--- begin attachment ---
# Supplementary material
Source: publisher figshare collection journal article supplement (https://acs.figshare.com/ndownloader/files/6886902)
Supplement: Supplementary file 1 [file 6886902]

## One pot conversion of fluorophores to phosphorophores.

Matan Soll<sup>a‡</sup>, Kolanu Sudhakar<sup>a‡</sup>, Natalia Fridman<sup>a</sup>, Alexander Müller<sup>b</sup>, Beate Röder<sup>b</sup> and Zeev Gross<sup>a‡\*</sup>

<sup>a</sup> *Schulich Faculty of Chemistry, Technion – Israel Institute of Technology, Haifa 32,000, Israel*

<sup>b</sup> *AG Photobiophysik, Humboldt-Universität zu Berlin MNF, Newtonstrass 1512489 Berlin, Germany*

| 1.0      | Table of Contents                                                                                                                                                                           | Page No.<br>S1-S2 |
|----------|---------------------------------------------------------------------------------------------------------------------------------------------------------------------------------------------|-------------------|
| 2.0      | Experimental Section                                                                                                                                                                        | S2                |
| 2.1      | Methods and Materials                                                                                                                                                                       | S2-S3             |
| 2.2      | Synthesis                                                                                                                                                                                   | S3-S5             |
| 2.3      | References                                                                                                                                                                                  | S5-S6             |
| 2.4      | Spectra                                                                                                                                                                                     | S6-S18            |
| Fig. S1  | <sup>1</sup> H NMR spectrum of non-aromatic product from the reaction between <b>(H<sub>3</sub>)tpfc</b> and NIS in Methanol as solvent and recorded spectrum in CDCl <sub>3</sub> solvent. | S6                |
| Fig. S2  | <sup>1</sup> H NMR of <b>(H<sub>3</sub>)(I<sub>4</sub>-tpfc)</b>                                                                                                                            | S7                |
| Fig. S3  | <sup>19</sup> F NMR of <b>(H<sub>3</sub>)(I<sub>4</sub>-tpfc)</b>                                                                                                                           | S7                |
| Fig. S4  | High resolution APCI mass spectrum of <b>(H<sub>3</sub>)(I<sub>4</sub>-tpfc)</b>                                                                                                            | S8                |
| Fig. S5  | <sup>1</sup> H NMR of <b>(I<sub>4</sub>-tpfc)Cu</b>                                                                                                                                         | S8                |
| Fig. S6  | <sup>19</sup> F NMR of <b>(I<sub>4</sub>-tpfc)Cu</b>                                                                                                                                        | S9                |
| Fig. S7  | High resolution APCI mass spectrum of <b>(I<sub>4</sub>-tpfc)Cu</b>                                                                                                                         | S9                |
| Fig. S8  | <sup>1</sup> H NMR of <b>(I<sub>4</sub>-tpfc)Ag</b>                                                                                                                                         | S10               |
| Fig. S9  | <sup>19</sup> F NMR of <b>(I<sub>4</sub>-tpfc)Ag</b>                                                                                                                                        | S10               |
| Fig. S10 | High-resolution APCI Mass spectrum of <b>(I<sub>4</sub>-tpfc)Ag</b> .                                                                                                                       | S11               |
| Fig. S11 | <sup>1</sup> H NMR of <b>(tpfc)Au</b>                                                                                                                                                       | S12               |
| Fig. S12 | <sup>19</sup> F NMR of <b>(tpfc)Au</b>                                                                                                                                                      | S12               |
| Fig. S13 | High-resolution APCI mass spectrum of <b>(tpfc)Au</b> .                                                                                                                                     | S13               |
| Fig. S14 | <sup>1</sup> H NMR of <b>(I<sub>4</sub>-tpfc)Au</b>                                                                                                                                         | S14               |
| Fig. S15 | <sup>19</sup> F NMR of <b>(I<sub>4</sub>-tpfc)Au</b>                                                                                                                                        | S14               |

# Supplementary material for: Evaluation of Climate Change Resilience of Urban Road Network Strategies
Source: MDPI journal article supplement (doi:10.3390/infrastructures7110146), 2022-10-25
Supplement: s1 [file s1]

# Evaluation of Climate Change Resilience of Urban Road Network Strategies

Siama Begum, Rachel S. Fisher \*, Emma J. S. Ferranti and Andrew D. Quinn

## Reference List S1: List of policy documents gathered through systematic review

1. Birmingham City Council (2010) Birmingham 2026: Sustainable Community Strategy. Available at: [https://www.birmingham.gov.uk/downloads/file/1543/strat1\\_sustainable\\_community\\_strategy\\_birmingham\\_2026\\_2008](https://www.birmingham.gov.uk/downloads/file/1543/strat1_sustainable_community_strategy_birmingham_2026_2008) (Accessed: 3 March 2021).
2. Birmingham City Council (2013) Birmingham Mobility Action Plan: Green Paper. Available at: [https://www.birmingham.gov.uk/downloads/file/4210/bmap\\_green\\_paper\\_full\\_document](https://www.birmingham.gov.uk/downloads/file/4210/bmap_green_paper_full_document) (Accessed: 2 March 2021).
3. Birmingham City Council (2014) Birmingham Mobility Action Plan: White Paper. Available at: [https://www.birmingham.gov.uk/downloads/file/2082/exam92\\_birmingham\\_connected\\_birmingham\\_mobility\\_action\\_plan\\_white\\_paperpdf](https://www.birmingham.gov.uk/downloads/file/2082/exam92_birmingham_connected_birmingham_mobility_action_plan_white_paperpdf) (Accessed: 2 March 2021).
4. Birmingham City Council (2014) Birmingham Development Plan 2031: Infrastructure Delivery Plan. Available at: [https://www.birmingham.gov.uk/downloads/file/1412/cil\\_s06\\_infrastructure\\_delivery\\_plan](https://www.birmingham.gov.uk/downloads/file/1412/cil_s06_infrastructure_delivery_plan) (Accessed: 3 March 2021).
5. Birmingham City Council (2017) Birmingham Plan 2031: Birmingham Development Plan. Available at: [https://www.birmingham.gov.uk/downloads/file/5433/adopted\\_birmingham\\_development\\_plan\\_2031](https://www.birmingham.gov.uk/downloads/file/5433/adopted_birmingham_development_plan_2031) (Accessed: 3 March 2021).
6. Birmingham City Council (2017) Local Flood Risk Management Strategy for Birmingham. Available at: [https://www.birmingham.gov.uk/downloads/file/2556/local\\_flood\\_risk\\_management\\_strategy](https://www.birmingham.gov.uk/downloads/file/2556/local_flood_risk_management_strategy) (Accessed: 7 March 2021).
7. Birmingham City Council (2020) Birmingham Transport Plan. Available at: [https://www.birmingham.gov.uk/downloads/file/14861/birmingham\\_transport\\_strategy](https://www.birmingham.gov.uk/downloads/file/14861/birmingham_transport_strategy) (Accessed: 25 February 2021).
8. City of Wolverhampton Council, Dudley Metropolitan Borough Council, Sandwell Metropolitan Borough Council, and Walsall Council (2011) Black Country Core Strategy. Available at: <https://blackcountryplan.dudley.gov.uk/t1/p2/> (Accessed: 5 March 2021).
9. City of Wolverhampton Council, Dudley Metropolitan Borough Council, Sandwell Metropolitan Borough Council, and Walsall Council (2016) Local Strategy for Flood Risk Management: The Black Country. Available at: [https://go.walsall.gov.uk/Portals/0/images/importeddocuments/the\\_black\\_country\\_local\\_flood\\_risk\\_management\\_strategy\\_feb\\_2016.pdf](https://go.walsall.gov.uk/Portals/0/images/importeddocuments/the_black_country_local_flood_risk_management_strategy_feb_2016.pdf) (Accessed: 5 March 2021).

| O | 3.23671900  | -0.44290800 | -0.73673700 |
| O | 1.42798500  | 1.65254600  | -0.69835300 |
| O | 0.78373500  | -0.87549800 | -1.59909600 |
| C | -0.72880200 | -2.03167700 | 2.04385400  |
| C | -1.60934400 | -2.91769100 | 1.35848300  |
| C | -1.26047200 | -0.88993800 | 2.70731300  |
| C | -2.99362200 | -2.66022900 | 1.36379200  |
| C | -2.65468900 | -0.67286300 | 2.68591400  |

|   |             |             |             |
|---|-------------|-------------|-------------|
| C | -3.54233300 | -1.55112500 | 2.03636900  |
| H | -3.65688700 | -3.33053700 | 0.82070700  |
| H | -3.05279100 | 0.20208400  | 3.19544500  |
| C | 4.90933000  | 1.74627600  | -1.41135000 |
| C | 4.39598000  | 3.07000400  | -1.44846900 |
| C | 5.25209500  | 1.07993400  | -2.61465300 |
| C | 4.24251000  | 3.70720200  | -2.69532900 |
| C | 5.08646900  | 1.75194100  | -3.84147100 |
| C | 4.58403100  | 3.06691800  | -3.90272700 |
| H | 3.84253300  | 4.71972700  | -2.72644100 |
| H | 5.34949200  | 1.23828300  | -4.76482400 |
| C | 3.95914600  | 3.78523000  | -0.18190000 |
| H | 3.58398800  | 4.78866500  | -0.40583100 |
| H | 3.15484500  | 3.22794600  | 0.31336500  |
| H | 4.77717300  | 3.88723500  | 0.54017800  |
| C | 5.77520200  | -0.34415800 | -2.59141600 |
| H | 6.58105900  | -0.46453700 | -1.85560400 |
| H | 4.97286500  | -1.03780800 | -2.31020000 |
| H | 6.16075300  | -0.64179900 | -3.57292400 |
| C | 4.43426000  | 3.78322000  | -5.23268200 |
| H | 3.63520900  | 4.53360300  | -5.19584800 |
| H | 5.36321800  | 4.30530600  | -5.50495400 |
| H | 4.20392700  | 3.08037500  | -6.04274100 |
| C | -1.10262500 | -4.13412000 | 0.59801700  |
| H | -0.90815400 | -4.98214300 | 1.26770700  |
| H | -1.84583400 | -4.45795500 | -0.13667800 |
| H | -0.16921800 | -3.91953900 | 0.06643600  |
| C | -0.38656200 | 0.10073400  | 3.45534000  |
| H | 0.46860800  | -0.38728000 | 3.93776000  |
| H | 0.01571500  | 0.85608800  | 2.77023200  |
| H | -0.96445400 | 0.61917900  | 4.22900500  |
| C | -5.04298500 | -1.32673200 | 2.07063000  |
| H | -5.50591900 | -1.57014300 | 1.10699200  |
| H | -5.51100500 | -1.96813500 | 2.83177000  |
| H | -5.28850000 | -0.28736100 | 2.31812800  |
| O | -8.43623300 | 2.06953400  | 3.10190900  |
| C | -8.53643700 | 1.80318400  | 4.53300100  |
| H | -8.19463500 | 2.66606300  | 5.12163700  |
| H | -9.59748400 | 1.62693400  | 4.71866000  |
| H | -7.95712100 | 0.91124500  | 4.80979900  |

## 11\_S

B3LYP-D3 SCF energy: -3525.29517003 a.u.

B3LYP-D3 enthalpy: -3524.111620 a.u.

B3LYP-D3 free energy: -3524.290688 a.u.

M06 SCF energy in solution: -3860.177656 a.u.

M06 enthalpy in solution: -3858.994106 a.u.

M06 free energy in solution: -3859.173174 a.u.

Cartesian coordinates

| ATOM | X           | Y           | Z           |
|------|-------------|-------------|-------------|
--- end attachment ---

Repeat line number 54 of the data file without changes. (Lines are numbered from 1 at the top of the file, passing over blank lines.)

|---|-------------|-------------|-------------|